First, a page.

Greek tycoon and former main shareholder of Proton Bank Lavrentis Lavrentiadis was arrested Thursday afternoon in Athens over a case of alleged transfer of hundreds of millions of euros to companies of his own interests in form of commercial loans. Right after his arrest, Lavrentiadis, 40, was taken to a hospital apparently due to sickness. It is considered as sure that he will appear before the prosecutor on Friday.
Lavrentiadis’ arrest occurred on charges for fraud, embezzlement, money laundering, breach of faith and forming a criminal gang. According to the charges, the questionable loans by Proton Bank to Lavrentiadis companies are reportedly 700 million euro.
According to reports, police went to his house at 17.00 pm Thursday in the area of Vouliagmeni, some 30 km east of Athens. The arrest was made following a warrant issued by the investigating judge suspecting Lavrentiadis could flee abroad.
During the search at Lavrentiadis’ home “police has reportedly seized personal computers, two safes with several hundred thousands of euros, jewelry and two armored vehicles,” so private Mega TV.
The arrest comes one day after the Athens court called for the seizure of assets belonging to Lavrentis Lavrentiadis but also to 29 of his former associates, among them businessman Petros Kyriakidis, owner of several media also of english-speaking weekly Athens News.
The First-Instance-Court ruling followed an appeal by Proton Bank shareholders who claimed to have suffered massive losses due to the activities of Lavrentiadis and his associates.
Lavrentis Lavrentiadis has repeatedly denied the allegations even when investigations were ongoing and no charges were made. An audit by the Bank of Greece had allegedly found that more than 40 percent of Proton’s commercial loans in 2010 were made to companies related to Lavrentiadis. Proton Bank was nationalized in October 2011.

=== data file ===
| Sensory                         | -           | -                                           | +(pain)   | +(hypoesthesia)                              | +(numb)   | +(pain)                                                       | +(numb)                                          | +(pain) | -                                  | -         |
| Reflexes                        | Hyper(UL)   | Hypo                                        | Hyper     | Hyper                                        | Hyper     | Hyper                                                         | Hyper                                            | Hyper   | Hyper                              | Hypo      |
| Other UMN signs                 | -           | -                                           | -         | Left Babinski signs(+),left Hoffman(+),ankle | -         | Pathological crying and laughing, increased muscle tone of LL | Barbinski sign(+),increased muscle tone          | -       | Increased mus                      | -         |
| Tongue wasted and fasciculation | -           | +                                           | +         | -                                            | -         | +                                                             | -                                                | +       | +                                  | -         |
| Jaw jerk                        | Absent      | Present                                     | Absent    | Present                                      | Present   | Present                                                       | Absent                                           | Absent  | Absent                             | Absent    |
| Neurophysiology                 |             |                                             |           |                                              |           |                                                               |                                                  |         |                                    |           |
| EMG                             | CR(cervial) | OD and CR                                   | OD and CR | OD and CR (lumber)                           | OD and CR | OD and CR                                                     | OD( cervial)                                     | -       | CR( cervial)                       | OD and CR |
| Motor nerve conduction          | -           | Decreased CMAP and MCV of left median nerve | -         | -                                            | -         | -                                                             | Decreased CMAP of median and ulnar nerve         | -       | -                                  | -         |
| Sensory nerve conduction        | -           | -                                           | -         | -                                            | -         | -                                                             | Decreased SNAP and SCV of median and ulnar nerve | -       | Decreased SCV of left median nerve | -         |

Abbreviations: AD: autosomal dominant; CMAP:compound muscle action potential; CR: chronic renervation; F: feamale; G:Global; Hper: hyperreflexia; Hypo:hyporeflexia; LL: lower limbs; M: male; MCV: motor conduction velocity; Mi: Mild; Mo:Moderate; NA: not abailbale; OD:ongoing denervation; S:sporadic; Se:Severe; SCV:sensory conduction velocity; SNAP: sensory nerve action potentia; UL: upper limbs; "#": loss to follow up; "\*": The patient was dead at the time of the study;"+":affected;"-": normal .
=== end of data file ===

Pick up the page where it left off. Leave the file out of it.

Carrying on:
In the time between PB nationalization and his arrest Lavrentiadis avoided prosecution thanks to a law passed by the Greek Parliament, a law that allowed people suspected of wrongdoing to avoid prosecution if they repaid the money they were accused of stealing in certain crimes. The idea, legislators said, was to speed resolution of cases in Greece’s notoriously slow courts.
Lavrentiadis quickly paid back the 55 million euro to Proton Bank and claimed immunity. For that time being. Then the scandal was much bigger and the economic prosecutor continued digging in the case.
The businessman was back in the spotlight last month as one of the names on the so-called Lagarde-List with 2,059 names of Greeks with deposits in HSBC bank, Geneva branch, apparently suspected of tax evasion.
Example for entrepreneurship
Having bought several media or shares in media companies, Lavrentiadis was the ‘darling’ of the Greek press whether as “successful entrepreneur”, “faithful Christian” or “visionary patriot”or through his contacts to political, business and church elite or even just due to his life-style. He held close relation to former US-ambassador to Athens Daniel Speckhard, who later quited the dimplomatic service to join the Proton Bank as non-executive chairman (February-August 2011).
“In a meteoric career, Lavrentiadis used family wealth and his own ambition to build one of Greece’s fastest-growing business empires. He took over his father’s company Neochimiki, a supplier of raw chemicals across southeast Europe, when he was just 18, and expanded the firm aggressively with a spate of acquisitions. In 2003 he floated it on the Athens stock exchange.
Ernst and Young named Lavrentiadis Greek Entrepreneur of the year in 2007. That year he founded a new pharmaceutical company, Alapis SA, which grew so quickly that within months it was one of the 20 biggest on the Athens stock exchange, measured by capitalization.